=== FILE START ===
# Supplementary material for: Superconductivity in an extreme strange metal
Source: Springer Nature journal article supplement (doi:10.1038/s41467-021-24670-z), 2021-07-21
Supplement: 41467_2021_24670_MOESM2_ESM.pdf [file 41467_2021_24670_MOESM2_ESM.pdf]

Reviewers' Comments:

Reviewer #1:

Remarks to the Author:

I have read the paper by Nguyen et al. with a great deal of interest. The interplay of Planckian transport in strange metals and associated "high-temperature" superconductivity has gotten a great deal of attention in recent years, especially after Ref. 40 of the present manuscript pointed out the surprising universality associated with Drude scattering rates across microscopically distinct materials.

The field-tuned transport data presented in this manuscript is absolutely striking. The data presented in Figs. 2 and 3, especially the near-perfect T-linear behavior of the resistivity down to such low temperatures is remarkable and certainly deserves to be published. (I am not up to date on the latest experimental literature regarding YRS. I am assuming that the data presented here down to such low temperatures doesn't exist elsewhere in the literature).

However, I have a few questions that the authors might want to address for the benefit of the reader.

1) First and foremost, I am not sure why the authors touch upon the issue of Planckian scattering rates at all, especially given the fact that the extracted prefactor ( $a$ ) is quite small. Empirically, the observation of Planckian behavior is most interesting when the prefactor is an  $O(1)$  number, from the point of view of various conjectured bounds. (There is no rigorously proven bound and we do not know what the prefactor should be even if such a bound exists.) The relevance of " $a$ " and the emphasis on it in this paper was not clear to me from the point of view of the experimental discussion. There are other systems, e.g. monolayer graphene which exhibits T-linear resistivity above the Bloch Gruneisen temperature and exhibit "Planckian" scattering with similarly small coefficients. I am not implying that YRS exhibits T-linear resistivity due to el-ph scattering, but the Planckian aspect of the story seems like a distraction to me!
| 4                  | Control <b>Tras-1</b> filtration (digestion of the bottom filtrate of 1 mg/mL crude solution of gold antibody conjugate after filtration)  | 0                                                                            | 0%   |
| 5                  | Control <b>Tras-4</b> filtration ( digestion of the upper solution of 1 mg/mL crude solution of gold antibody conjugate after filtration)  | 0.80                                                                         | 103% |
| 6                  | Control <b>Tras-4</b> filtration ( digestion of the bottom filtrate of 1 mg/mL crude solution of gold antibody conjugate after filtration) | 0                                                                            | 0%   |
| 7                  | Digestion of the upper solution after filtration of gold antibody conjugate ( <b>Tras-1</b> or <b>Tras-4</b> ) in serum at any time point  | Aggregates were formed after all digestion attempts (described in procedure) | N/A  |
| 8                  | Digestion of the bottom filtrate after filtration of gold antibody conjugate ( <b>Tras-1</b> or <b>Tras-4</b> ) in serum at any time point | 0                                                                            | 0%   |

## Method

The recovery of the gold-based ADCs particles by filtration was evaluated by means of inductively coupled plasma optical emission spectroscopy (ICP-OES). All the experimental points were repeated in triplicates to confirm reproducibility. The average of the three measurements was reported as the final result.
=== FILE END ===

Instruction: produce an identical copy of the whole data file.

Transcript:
# Supplementary material for: Superconductivity in an extreme strange metal
Source: Springer Nature journal article supplement (doi:10.1038/s41467-021-24670-z), 2021-07-21
Supplement: 41467_2021_24670_MOESM2_ESM.pdf [file 41467_2021_24670_MOESM2_ESM.pdf]

Reviewers' Comments:

Reviewer #1:

Remarks to the Author:

I have read the paper by Nguyen et al. with a great deal of interest. The interplay of Planckian transport in strange metals and associated "high-temperature" superconductivity has gotten a great deal of attention in recent years, especially after Ref. 40 of the present manuscript pointed out the surprising universality associated with Drude scattering rates across microscopically distinct materials.

The field-tuned transport data presented in this manuscript is absolutely striking. The data presented in Figs. 2 and 3, especially the near-perfect T-linear behavior of the resistivity down to such low temperatures is remarkable and certainly deserves to be published. (I am not up to date on the latest experimental literature regarding YRS. I am assuming that the data presented here down to such low temperatures doesn't exist elsewhere in the literature).

However, I have a few questions that the authors might want to address for the benefit of the reader.

1) First and foremost, I am not sure why the authors touch upon the issue of Planckian scattering rates at all, especially given the fact that the extracted prefactor ( $a$ ) is quite small. Empirically, the observation of Planckian behavior is most interesting when the prefactor is an  $O(1)$  number, from the point of view of various conjectured bounds. (There is no rigorously proven bound and we do not know what the prefactor should be even if such a bound exists.) The relevance of " $a$ " and the emphasis on it in this paper was not clear to me from the point of view of the experimental discussion. There are other systems, e.g. monolayer graphene which exhibits T-linear resistivity above the Bloch Gruneisen temperature and exhibit "Planckian" scattering with similarly small coefficients. I am not implying that YRS exhibits T-linear resistivity due to el-ph scattering, but the Planckian aspect of the story seems like a distraction to me!
| 4                  | Control <b>Tras-1</b> filtration (digestion of the bottom filtrate of 1 mg/mL crude solution of gold antibody conjugate after filtration)  | 0                                                                            | 0%   |
| 5                  | Control <b>Tras-4</b> filtration ( digestion of the upper solution of 1 mg/mL crude solution of gold antibody conjugate after filtration)  | 0.80                                                                         | 103% |
| 6                  | Control <b>Tras-4</b> filtration ( digestion of the bottom filtrate of 1 mg/mL crude solution of gold antibody conjugate after filtration) | 0                                                                            | 0%   |
| 7                  | Digestion of the upper solution after filtration of gold antibody conjugate ( <b>Tras-1</b> or <b>Tras-4</b> ) in serum at any time point  | Aggregates were formed after all digestion attempts (described in procedure) | N/A  |
| 8                  | Digestion of the bottom filtrate after filtration of gold antibody conjugate ( <b>Tras-1</b> or <b>Tras-4</b> ) in serum at any time point | 0                                                                            | 0%   |

## Method

The recovery of the gold-based ADCs particles by filtration was evaluated by means of inductively coupled plasma optical emission spectroscopy (ICP-OES). All the experimental points were repeated in triplicates to confirm reproducibility. The average of the three measurements was reported as the final result.